Thursday, August 21, 2008

After the Death of Anna Gonzales, by Terri Fields

Fields, Terri. (2002). After the Death of Anna Gonzales. New York: Henry Holt & Company, 100 pages.

The best word I could use to describe this book is weak. Told in poetry, it gives the reaction of 47 people to Anna Gonzales's suicide. Students, teachers, and friends give feelings or mostly their lack-there-of to the shocking news that Anna has taken her own life.

The poems allude to students' somber faces, but the majority of the poems were shallow, selfish reactions to the incidents. One cheerleader's concern is that the pep rally will be canceled. Another kid can't wait to uncover the inside scoop. Another wonders how long she has to wait to take Anna's desk which is next a cute boy. The teacher's on the other hand all had profound thoughts about the death. How patronizing for the young adult reader! I couldn't believe how the author portrayed these teens. It was infuriating and I'm not a teenager. Give the teens some credit!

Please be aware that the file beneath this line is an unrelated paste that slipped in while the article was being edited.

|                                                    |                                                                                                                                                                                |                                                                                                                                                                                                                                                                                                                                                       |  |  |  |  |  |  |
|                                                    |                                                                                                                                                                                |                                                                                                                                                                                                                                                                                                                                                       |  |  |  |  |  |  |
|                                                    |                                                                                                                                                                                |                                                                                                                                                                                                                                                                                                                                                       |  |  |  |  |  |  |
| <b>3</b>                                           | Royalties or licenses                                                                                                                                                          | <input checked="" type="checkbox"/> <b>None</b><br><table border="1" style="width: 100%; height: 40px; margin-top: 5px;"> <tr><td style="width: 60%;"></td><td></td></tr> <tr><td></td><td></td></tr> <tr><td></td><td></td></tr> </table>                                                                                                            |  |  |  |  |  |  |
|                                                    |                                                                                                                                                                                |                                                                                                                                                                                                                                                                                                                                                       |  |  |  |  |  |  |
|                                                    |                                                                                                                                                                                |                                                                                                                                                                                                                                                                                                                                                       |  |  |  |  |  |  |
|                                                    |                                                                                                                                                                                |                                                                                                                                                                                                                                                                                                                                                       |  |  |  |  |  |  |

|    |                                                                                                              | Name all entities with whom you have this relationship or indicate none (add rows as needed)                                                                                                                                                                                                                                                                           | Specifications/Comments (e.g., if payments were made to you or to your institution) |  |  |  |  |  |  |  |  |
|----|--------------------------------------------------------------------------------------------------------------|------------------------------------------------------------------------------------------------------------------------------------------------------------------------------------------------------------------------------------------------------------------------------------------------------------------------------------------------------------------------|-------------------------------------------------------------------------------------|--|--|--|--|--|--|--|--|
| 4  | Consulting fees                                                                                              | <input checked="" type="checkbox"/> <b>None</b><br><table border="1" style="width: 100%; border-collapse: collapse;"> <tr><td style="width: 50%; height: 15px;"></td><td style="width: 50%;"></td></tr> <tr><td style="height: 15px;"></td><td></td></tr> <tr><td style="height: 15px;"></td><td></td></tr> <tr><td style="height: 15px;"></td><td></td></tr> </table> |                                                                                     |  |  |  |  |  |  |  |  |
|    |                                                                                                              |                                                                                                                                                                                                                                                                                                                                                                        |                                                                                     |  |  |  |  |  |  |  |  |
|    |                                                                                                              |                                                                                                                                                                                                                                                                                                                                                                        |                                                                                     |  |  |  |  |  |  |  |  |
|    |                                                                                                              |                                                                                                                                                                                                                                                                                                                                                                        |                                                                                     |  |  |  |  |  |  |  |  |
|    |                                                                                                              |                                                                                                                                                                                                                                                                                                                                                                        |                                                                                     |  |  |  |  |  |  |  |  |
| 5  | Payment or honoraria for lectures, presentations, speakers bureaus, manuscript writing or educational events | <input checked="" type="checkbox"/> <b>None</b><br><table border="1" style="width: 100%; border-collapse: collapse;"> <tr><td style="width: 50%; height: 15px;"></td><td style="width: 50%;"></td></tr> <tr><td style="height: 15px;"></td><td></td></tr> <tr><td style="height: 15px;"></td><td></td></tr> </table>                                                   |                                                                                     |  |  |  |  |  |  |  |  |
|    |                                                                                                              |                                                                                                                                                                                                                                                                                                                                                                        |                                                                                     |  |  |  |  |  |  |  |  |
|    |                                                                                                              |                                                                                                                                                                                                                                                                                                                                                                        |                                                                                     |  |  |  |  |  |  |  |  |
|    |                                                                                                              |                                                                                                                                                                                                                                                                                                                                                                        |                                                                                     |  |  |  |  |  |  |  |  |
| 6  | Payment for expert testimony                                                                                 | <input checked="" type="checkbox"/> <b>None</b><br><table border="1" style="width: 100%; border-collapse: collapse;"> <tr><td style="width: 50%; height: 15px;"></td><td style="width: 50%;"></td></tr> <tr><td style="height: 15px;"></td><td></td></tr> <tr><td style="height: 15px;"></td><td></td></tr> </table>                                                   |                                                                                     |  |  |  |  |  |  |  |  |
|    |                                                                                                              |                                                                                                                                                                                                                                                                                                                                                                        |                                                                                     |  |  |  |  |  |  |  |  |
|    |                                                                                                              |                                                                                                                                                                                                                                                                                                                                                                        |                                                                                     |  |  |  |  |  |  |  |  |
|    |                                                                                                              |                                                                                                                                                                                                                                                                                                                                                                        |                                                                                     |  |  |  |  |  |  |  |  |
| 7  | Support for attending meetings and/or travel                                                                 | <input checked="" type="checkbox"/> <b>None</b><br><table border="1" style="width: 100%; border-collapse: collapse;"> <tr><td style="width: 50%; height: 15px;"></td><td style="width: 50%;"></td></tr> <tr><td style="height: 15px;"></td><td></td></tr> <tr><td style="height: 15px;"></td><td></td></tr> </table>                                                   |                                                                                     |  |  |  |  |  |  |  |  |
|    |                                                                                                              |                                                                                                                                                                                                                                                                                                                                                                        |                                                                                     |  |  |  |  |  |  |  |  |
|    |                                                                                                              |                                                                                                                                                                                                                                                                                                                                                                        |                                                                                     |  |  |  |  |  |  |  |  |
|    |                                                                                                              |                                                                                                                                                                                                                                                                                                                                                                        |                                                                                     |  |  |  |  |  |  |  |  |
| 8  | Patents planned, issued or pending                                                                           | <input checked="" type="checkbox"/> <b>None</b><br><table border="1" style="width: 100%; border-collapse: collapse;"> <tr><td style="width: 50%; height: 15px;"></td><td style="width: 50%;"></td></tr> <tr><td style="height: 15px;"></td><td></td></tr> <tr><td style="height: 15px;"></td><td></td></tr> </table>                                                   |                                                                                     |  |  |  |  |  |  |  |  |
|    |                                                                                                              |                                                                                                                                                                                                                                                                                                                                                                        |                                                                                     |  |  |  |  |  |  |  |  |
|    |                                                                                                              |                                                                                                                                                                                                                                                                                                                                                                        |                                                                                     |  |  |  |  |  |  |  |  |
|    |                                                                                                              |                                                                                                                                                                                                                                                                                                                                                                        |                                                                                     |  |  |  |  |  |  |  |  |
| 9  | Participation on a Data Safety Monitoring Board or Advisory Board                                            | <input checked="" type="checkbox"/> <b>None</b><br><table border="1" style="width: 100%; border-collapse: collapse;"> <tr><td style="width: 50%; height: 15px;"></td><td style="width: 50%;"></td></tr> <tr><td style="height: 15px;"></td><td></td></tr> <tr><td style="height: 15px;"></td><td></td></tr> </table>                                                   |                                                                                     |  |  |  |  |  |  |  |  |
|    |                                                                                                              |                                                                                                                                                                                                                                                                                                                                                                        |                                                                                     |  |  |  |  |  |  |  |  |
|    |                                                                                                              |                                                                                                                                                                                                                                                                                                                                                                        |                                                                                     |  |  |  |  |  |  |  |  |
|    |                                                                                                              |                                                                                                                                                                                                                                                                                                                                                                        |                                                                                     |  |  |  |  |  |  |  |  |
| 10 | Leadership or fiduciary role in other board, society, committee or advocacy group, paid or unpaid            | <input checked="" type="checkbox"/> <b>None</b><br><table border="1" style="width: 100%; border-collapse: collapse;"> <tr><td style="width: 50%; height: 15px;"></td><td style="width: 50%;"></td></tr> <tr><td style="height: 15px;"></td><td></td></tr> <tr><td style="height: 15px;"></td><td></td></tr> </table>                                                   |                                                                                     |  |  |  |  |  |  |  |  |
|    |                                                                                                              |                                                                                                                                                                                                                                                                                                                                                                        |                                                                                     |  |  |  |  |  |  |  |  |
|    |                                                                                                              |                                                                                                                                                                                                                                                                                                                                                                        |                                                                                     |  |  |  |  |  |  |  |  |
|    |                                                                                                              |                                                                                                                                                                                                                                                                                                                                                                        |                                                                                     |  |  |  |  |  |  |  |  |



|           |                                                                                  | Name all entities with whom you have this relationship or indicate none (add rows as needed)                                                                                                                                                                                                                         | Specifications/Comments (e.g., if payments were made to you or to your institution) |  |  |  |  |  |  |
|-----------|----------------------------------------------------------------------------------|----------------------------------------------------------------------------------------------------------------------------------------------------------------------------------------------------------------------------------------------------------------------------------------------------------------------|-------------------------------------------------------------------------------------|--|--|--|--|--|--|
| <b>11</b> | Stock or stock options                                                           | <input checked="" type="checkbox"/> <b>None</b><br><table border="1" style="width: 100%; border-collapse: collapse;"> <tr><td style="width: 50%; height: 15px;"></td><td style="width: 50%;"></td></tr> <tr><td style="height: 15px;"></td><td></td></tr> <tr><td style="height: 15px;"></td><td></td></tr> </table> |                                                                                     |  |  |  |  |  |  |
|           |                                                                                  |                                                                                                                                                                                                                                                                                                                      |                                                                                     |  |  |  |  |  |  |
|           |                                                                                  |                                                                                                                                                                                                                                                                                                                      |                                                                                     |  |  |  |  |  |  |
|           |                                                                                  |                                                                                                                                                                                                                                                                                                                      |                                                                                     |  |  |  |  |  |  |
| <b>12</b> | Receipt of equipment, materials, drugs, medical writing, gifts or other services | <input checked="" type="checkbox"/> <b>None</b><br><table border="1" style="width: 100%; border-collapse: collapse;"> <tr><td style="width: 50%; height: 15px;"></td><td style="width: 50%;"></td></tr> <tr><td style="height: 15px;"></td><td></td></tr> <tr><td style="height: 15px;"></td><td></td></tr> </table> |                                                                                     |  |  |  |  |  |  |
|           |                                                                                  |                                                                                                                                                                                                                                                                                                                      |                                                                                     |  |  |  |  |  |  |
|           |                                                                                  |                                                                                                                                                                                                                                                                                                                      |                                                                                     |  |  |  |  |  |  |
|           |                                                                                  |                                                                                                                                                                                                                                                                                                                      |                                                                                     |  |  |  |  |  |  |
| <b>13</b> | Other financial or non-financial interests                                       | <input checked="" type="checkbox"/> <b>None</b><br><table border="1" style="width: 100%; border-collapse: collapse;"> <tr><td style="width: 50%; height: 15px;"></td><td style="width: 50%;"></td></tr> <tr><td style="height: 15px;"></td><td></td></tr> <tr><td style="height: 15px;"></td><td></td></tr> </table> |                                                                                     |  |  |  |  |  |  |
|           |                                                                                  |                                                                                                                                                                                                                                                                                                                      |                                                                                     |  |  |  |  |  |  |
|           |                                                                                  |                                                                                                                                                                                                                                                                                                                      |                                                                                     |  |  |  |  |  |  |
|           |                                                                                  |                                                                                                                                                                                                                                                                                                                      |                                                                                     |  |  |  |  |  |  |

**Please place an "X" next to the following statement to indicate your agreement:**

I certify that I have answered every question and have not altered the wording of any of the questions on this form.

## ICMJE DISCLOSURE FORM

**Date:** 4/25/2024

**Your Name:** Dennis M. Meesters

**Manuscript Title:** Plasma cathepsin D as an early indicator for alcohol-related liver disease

The poetry was lifeless, and she had to tell the reader when she used metaphor. (Because a reader might not understand it in all it's frankness.) It was hard to tell one voice from another. This could have been a really good book, and I think it failed.

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